The United States has started resembling another country, one whose nightmares shaped much of my thinking about peace and justice: wartime El Salvador.
More than a decade before last year’s marchas of millions, I felt the dreamy exhilaration of organizing and leading marches of tens of thousands. And, like many of today’s organizers and leaders of historic marchas, I know the dejection and disappointment before an immigration debate that leads one to ask, “Is this what we marched for?” and “What do we now?”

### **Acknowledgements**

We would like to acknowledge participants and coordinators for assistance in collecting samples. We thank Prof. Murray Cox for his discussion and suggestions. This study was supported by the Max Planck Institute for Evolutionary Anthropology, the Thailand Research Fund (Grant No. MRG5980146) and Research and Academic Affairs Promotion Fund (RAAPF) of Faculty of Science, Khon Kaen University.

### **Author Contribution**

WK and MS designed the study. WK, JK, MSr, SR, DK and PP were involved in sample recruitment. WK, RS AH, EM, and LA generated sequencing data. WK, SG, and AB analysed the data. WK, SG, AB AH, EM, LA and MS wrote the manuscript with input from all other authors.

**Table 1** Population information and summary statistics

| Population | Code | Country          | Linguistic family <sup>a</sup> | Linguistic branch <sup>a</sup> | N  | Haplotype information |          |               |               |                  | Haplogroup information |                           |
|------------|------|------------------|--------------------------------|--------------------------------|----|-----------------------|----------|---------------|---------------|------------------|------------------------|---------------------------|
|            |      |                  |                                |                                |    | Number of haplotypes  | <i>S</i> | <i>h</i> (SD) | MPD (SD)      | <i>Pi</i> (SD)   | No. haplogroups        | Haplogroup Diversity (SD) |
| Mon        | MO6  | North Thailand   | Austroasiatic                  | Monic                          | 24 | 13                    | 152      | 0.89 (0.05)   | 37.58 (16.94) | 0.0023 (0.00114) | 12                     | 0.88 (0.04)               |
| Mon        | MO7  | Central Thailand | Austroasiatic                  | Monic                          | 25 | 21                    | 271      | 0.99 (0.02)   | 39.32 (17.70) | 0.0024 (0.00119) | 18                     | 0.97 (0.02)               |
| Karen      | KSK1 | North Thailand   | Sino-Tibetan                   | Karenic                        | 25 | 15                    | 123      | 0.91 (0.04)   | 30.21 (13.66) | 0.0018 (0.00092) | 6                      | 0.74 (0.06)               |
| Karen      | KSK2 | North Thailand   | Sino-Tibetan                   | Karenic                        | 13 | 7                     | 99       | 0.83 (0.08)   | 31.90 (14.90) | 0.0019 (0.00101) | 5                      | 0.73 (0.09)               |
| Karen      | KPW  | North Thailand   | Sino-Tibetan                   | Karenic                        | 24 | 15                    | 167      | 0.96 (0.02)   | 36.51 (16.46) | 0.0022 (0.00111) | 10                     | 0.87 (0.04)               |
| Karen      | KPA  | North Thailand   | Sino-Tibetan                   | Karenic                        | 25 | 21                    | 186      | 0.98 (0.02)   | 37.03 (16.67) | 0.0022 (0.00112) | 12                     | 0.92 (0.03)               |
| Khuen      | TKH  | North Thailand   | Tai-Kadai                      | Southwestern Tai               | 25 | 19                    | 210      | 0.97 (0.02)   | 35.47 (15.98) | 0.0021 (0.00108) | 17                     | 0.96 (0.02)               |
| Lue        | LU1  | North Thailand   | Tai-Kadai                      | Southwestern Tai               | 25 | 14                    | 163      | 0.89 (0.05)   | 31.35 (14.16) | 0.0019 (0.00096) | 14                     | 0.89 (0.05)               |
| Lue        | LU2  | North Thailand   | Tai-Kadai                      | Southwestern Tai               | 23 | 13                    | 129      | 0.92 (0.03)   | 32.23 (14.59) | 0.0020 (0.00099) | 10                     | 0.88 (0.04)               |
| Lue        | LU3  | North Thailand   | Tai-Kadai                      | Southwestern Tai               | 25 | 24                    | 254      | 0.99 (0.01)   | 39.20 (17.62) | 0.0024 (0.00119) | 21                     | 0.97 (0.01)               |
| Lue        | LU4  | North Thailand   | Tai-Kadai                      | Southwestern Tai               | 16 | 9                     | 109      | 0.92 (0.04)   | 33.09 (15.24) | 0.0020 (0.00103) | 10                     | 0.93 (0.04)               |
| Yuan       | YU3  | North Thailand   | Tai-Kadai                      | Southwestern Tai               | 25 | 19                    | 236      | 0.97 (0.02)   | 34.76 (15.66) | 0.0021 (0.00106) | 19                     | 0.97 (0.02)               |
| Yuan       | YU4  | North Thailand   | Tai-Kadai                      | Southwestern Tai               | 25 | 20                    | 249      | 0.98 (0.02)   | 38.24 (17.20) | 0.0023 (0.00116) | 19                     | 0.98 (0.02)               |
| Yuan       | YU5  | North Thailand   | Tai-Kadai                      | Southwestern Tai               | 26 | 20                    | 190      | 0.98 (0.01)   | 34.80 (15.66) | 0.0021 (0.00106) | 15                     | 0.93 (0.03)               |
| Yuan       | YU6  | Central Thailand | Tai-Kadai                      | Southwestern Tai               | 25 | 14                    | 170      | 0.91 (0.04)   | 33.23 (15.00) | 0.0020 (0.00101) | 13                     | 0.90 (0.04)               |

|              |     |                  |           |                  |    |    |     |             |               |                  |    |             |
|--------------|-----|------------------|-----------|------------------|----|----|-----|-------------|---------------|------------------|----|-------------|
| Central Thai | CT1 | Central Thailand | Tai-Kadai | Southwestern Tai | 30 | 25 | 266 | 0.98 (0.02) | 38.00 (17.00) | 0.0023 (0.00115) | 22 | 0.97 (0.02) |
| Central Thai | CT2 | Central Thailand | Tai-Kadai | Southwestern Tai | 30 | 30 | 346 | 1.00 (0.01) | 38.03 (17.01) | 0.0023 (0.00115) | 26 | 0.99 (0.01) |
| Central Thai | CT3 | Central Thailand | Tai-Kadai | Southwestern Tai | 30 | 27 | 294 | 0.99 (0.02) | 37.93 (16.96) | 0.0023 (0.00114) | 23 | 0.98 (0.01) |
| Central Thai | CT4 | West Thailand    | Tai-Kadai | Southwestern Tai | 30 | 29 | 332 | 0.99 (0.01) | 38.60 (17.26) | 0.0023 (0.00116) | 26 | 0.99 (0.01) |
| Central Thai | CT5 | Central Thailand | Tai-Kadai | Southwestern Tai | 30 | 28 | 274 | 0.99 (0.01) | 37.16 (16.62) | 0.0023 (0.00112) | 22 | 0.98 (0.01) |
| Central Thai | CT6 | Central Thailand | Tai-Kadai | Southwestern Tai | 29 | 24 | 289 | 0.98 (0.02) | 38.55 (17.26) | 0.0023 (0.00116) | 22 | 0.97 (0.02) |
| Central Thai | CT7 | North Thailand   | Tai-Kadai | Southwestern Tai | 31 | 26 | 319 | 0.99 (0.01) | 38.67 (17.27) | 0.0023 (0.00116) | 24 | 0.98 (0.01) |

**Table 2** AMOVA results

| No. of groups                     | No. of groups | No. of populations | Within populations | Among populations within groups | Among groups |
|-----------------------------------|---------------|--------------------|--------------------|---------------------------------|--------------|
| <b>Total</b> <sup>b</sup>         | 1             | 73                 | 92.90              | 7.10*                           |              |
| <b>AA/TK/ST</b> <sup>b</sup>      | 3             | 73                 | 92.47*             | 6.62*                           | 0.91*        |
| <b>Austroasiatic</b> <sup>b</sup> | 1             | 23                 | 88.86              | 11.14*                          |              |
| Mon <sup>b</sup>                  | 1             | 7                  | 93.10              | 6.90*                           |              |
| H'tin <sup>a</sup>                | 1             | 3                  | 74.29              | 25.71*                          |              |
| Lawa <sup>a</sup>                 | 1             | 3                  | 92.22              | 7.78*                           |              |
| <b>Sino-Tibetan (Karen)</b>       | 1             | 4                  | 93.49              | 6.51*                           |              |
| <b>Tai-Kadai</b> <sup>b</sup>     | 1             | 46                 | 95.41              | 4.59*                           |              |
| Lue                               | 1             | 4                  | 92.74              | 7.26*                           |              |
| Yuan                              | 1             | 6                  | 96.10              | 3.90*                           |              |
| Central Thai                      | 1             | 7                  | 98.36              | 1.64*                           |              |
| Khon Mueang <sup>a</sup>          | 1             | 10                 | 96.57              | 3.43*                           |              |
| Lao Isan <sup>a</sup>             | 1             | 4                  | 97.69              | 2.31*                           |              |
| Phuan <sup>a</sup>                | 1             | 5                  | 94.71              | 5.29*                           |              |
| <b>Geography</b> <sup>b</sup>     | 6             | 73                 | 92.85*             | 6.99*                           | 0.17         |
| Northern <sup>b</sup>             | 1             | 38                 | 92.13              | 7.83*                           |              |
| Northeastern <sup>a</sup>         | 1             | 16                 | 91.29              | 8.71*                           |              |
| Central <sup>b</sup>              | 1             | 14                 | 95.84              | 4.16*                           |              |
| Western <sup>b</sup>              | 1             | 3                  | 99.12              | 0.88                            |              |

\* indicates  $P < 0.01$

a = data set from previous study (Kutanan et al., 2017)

I came to understand this as the executive director of the Central American Resource Center (CARECEN) in Los Angeles, which was the nation’s largest immigrant service and advocacy organization in 1994, the year that California’s anti-child, anti-immigrant Proposition 187 initiated the current war on immigrants. Together with Mexican and Chicano groups that had been organizing the undocumented in the decades before the eventual passage of the 1986 immigration reform, CARECEN and dozens of Asian and Latino organizations, labor unions, radical groups and others launched what were, until last year, the largest immigrant rights marches in U.S. history. As a former organizer, I appreciate the hard work of building consensus and coalitions, massaging egos and the constant agitation at the core movement-building. And as a writer who traveled to cities and rural areas in an ongoing effort to map the movimiento in 2006, I saw how Prop. 187 had spread through the nation: demographics, reactionary policies and economic globalization combining to create the new politics of immigration. Watching displaced white workers in globalized Georgia protest with placards saying “Invaders go home” or hearing Hmong immigrant youth in Wisconsin shout “We are not criminals” at James Sensenbrenner in front of a town hall, I believed predictions I’d heard about the entire country eventually experiencing its own clash of California dreams.
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